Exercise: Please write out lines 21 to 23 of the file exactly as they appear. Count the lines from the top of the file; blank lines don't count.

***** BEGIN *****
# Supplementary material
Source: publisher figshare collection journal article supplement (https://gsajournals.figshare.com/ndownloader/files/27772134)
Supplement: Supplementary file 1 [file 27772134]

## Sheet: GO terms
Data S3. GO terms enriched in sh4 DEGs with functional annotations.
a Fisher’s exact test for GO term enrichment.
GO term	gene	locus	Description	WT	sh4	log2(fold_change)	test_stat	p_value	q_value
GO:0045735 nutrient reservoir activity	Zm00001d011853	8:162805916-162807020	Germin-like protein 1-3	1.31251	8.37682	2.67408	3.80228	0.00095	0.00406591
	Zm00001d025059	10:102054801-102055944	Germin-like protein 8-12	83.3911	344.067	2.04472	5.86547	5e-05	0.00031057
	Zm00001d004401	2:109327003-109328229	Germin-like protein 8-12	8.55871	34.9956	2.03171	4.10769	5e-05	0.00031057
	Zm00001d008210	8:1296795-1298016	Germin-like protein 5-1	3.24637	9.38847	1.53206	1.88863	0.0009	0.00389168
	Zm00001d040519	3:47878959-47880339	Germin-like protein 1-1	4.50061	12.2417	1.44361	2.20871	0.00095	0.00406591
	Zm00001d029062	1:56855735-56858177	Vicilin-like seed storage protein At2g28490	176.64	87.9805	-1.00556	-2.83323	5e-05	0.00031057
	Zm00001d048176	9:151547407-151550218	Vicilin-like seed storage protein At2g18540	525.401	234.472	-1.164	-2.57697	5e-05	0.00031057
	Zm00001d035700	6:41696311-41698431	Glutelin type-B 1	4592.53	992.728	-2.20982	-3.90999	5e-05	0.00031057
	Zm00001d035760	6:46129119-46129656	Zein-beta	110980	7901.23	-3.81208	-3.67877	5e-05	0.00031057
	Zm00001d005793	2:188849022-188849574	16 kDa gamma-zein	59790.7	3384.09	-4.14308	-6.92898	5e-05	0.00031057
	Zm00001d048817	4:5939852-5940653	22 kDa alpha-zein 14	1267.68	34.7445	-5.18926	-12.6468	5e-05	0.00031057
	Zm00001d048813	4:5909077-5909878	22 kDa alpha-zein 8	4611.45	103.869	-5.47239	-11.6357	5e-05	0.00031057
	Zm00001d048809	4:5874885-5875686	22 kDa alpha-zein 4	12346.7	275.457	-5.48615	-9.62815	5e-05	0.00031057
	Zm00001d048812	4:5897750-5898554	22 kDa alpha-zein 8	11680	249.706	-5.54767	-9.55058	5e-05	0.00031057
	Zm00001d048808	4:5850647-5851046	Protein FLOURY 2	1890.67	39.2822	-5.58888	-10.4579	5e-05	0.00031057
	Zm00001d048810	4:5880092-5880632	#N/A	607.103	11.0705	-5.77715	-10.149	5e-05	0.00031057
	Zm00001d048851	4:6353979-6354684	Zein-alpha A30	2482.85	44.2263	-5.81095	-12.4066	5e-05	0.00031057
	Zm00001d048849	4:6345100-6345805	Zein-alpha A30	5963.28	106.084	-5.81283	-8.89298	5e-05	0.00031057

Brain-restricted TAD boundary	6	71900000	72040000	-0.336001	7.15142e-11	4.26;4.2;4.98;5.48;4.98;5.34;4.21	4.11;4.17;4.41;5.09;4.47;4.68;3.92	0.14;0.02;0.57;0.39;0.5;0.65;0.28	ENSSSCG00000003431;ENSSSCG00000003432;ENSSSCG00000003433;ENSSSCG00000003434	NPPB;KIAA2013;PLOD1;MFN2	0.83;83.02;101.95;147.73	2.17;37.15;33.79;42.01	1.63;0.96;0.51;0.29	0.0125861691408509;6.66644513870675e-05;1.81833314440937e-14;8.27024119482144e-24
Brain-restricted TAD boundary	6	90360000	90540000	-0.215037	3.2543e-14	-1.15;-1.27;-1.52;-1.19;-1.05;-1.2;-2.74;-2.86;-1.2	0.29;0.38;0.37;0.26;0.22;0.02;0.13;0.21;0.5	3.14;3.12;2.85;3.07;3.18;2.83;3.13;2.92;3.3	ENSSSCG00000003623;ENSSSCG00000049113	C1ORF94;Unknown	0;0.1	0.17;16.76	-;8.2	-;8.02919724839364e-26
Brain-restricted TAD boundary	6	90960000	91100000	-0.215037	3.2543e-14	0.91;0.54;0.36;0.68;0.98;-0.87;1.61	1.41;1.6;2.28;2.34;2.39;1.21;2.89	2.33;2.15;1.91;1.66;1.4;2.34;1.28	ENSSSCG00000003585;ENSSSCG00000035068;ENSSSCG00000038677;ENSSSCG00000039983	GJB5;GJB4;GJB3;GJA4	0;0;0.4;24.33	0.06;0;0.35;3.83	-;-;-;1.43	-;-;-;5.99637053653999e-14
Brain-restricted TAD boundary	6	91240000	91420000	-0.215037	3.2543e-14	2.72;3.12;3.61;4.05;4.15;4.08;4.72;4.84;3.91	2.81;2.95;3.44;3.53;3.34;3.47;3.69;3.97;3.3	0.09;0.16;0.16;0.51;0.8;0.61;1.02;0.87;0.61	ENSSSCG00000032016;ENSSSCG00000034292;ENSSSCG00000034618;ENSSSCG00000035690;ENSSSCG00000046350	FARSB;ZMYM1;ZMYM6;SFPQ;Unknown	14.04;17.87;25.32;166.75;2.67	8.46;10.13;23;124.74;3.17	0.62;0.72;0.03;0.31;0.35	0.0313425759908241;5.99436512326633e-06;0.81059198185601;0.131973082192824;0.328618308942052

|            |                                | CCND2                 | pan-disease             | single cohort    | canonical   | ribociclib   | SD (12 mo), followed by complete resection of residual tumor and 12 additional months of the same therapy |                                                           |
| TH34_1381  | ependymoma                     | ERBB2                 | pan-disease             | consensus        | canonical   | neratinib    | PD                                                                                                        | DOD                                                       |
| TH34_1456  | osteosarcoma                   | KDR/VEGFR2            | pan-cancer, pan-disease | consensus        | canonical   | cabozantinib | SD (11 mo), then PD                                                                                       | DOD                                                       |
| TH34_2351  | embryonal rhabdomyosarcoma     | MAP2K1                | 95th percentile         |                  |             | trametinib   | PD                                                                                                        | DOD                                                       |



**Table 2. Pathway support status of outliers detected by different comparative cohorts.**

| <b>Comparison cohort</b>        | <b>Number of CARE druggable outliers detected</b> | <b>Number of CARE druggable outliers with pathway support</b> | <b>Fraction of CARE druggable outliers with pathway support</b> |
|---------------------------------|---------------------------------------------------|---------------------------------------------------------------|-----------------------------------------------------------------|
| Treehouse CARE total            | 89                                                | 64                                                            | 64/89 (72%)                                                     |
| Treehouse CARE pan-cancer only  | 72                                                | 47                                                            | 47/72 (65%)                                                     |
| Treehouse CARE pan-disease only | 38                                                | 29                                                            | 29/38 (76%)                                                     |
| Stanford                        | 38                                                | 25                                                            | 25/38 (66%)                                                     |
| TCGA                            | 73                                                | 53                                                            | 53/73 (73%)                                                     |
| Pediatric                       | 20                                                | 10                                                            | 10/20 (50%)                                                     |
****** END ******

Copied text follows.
	Zm00001d048812	4:5897750-5898554	22 kDa alpha-zein 8	11680	249.706	-5.54767	-9.55058	5e-05	0.00031057
	Zm00001d048808	4:5850647-5851046	Protein FLOURY 2	1890.67	39.2822	-5.58888	-10.4579	5e-05	0.00031057
	Zm00001d048810	4:5880092-5880632	#N/A	607.103	11.0705	-5.77715	-10.149	5e-05	0.00031057